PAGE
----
Updating Design of Marketing and Products
In the case of Harrison Fisher, the Design Council's team found that the company needed to be more proactive. Instead of reacting to the demands of a handful of powerful customers, it needed to use design to develop a strong consumer brand and product range. To do that, the company rebranded itself Taylors Eye Witness, after the company's biggest brand. They commissioned a local consultant to produce new logos and packaging ideas that were both modern and reflective of the company's long heritage.
Then, to refresh the product line, the team also recommended the company use a signature designer. Fisher invited proposals for an updated design of an already successful product, a knife sharpener. Sam Hecht (BusinessWeek, 12/19/06), a talented designer whose clients include Japanese retailer Muji, presented a foam model rather than paper sketches. This reassured Fisher and enabled him to compare the new model with the product's previous incarnations—both to understand the evolution of the design and to ensure that the product could be made using the company's chosen manufacturing methods. Since then, Hecht's designs have gone on to win international awards.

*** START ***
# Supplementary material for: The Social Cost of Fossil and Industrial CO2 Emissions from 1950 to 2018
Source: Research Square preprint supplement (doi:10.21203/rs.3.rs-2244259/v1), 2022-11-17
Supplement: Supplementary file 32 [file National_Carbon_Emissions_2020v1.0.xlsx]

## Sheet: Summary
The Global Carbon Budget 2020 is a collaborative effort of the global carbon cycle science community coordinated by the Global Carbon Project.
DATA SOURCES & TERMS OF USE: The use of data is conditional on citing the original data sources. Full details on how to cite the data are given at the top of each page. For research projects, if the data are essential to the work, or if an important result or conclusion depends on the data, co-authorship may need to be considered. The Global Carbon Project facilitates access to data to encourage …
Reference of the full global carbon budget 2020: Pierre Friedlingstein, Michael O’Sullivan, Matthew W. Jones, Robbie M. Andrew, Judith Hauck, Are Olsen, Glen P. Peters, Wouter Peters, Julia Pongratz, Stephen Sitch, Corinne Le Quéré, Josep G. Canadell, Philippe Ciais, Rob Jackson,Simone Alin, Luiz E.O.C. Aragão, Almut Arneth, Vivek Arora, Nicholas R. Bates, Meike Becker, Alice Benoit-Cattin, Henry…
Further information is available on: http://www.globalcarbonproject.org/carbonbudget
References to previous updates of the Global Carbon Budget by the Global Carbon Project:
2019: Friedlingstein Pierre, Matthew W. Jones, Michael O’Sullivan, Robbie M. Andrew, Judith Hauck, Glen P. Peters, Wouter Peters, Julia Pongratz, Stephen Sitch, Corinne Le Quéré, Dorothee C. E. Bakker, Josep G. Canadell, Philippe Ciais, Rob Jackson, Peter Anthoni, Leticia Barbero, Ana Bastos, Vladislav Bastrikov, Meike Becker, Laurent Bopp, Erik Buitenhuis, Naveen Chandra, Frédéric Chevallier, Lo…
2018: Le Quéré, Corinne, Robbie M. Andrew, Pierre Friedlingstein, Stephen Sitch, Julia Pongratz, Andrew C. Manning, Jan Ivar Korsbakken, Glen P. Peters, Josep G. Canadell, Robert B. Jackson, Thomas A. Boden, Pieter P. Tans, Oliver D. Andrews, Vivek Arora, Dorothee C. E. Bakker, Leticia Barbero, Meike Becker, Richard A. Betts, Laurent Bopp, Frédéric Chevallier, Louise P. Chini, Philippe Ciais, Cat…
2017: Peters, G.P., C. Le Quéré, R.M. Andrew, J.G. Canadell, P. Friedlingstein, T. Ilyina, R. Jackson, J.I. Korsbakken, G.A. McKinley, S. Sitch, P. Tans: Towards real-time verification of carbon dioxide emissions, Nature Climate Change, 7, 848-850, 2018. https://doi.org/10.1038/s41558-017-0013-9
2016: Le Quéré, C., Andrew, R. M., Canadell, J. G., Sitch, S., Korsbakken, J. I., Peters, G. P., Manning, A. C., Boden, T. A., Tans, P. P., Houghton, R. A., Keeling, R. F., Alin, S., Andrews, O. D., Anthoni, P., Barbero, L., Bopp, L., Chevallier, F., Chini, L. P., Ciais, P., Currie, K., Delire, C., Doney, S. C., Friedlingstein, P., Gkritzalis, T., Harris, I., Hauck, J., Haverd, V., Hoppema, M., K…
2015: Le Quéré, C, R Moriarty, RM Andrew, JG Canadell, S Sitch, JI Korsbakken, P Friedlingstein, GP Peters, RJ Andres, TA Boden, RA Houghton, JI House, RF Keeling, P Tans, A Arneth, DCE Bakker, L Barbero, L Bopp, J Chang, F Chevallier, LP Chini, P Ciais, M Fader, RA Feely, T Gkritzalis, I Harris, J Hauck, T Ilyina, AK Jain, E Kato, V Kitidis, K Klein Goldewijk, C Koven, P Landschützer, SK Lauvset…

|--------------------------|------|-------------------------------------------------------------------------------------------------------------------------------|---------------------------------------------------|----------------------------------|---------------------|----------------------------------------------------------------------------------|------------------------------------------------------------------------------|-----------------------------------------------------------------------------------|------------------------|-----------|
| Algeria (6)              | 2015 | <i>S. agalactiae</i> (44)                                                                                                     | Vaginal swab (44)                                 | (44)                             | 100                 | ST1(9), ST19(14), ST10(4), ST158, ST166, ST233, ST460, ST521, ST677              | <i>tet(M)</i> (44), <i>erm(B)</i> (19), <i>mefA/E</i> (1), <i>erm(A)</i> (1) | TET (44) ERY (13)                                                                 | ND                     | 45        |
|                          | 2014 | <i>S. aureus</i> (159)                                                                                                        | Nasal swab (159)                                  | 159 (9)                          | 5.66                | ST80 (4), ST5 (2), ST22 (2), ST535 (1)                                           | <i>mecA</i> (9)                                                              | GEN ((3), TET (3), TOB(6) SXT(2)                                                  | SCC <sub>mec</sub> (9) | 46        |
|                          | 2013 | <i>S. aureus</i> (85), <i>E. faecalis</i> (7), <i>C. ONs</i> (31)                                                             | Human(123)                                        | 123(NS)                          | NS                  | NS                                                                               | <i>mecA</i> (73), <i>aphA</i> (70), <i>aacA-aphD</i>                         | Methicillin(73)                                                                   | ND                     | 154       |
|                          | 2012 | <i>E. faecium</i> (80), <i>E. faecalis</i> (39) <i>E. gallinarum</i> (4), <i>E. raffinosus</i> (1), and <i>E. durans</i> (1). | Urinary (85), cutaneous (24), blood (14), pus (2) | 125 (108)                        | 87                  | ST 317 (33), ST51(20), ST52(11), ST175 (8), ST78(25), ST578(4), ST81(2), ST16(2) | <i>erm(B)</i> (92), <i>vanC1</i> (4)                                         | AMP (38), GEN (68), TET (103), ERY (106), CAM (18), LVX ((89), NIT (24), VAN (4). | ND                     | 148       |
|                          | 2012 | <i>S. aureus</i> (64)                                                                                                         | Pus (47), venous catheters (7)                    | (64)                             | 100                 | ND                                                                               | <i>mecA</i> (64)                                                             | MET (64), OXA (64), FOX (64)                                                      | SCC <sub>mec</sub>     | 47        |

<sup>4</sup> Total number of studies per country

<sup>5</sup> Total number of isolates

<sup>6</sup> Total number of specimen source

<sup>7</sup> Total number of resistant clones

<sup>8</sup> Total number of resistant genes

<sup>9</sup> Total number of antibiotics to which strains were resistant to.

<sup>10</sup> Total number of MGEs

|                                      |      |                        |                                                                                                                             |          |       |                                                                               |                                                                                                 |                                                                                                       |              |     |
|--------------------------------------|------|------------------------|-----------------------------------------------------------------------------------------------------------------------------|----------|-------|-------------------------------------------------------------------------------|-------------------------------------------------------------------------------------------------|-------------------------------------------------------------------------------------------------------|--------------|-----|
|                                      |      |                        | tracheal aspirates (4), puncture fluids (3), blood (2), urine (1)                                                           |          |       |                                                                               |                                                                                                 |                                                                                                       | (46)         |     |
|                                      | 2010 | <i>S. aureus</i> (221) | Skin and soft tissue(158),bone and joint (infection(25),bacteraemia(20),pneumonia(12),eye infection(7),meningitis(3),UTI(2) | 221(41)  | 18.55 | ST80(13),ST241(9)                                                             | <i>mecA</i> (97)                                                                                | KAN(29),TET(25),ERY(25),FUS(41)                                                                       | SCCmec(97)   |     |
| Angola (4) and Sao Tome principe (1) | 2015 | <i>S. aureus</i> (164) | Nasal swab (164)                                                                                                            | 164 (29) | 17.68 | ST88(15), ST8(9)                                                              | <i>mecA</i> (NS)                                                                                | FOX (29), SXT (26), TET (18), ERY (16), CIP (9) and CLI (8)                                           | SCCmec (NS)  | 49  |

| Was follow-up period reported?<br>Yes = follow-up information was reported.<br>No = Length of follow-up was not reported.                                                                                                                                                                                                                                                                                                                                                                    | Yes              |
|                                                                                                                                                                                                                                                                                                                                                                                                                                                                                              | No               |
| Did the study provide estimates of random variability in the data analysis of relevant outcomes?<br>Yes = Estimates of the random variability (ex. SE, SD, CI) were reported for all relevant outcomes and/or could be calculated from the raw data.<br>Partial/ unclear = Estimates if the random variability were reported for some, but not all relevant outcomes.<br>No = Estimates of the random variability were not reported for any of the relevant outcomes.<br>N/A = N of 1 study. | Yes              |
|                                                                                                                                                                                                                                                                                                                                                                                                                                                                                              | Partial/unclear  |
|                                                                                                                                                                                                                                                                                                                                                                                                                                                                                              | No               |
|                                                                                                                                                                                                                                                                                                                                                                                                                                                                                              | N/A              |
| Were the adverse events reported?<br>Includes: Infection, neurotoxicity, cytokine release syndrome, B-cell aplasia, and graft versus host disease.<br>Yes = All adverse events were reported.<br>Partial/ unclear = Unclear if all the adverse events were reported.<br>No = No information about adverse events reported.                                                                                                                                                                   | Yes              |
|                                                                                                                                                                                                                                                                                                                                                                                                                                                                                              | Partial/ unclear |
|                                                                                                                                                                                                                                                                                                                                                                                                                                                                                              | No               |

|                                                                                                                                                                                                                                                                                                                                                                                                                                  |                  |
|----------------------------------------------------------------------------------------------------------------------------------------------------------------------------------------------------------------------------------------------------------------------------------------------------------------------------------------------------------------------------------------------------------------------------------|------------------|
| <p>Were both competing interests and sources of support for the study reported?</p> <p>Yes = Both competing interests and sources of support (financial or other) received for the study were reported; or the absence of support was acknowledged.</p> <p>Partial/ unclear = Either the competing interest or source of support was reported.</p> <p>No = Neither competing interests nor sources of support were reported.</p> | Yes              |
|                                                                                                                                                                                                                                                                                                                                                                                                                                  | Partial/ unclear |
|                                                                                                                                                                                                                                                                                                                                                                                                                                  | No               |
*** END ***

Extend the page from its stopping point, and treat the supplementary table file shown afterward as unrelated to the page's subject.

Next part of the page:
The company spent more than $200,000 on design and is now reaping the rewards. Though Fisher declined to share sales figures, Taylors Eye Witness has won new business from high-end British retailers such as Conran Shop and Heal's; and, most recently, from Williams-Sonoma (WSM) in the U.S., its first international customer. "They invested a lot to make all these changes—and it totally re-energized the company," says Jonathan Ball, the independent design manager who led its Designing Demand program. "Now with the rebranding and new products they have a second wind."
Even the once-doubtful Fisher is a design convert. "Not all the new products have been as successful as we would have liked," he says. "But design has helped change people's perceptions of us as a company; it has helped us take our brand more upmarket."
Bolstering Britain's Creative Edge
Designing Demand is just one recommendation outlined in the Cox Review of Creativity in Business, commissioned by then Chancellor of the Exchequer Gordon Brown in 2005. The review aimed to enhance business productivity by drawing on Britain's creative and cultural industries. According to an independent June report commissioned by the Department of Culture, Media & Sport, Britain's creative sector employs 1.8 million people and contributes 7.3% of the national economy—roughly the same as the financial services industry. Cox, who's been chairman of the Design Council since 2004, warns that Britain has a "window of opportunity" of 5 to 10 years before countries such as China and India have the creative skills to compete with their British counterparts.
Cox's other recommendations include the creation of higher education centers offering multidisciplinary courses combining management studies, engineering and technology, and creative disciplines; a national network of design centers; and a change in public procurement policies to encourage suppliers to be more innovative. And, of course, Designing Demand. Since the review was published, more than 1,000 businesses have completed the program—and Cox hopes to reach 6,500 by 2010.